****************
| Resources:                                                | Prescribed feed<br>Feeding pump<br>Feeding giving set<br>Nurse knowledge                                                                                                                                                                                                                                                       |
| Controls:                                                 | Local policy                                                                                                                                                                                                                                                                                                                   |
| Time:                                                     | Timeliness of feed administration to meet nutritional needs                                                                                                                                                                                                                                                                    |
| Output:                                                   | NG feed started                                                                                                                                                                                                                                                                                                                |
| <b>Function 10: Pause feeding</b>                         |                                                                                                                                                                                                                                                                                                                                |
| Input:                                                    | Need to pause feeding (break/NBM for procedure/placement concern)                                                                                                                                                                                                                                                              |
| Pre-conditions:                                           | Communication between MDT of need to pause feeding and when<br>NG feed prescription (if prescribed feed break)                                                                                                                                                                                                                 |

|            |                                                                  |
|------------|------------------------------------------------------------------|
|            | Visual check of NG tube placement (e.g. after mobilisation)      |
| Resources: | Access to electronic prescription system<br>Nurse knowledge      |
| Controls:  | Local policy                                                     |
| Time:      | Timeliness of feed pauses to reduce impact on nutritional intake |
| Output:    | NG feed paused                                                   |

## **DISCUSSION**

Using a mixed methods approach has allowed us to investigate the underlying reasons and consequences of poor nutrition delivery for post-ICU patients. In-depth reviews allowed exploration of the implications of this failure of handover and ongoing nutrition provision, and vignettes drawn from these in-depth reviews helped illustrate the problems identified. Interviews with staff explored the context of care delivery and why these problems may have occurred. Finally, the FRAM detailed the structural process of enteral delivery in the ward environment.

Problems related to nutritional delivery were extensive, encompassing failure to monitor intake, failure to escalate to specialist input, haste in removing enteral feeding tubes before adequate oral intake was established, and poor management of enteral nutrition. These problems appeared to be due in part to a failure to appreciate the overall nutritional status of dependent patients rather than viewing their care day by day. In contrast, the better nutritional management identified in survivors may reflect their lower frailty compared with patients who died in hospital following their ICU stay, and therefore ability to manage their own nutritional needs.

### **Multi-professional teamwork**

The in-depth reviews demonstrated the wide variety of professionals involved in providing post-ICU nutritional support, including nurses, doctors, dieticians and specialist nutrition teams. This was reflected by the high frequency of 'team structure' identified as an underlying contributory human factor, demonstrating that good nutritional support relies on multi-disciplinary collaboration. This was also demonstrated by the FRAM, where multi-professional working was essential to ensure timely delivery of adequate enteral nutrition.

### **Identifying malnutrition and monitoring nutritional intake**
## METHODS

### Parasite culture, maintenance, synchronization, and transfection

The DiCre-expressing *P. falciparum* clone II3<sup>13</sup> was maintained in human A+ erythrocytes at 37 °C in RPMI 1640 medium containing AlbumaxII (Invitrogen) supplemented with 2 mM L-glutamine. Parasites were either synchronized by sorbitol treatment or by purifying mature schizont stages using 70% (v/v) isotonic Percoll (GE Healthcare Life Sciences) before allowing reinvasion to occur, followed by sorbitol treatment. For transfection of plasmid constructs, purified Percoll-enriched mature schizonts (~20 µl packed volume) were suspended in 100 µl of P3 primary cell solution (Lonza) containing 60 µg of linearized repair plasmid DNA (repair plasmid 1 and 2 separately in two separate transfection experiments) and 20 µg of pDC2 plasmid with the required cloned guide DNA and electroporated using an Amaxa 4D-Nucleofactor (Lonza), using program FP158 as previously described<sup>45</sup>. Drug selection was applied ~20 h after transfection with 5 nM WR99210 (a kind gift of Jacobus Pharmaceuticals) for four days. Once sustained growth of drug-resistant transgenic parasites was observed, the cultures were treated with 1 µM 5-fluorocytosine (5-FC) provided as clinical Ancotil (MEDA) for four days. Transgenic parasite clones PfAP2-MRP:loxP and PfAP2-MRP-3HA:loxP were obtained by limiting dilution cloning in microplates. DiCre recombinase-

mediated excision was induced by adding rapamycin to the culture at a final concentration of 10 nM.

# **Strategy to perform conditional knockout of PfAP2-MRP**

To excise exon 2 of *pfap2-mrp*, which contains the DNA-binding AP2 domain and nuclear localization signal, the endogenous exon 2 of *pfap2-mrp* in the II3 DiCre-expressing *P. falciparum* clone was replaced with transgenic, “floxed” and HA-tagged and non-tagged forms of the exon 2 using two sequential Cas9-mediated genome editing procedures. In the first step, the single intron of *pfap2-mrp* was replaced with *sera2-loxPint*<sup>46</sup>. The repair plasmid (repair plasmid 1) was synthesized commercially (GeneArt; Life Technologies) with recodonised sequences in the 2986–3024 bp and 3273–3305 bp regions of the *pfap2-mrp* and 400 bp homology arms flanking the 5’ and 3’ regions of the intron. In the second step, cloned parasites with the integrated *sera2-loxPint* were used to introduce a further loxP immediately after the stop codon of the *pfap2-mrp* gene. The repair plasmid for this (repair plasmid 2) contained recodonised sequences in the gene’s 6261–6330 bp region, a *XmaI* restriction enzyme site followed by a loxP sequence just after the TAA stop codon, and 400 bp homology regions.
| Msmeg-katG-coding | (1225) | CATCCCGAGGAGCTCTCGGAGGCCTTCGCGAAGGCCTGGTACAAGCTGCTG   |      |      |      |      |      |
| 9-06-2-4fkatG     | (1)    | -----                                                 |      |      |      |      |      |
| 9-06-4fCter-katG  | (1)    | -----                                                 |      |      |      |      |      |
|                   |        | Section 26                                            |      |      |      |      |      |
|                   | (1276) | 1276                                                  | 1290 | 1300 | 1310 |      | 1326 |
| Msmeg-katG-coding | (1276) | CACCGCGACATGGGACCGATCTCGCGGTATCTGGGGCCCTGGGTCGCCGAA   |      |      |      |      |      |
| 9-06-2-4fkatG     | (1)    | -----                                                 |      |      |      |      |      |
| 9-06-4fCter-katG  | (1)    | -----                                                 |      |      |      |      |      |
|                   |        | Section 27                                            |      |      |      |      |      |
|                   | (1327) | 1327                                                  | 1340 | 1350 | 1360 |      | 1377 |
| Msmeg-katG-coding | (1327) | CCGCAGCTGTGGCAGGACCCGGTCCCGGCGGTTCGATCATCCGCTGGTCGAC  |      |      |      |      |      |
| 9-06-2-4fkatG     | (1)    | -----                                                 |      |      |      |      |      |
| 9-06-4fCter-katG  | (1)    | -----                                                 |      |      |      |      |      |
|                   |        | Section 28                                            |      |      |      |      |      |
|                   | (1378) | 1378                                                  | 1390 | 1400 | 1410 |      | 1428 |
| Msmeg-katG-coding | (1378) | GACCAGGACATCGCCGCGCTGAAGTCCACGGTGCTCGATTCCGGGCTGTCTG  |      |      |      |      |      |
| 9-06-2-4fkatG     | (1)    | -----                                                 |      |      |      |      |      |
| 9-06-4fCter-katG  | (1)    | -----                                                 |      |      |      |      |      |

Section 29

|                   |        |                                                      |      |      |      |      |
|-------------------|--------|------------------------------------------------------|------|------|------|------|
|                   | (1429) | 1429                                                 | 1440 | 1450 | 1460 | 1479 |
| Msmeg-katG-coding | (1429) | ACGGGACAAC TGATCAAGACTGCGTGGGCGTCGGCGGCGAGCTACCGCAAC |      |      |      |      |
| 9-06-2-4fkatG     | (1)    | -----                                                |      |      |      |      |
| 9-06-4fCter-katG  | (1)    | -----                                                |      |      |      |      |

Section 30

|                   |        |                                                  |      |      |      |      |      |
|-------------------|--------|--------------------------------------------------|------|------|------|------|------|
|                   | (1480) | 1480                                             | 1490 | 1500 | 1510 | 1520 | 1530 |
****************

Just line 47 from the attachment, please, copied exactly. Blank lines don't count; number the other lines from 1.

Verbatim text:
|-------------------|--------|------------------------------------------------------|------|------|------|------|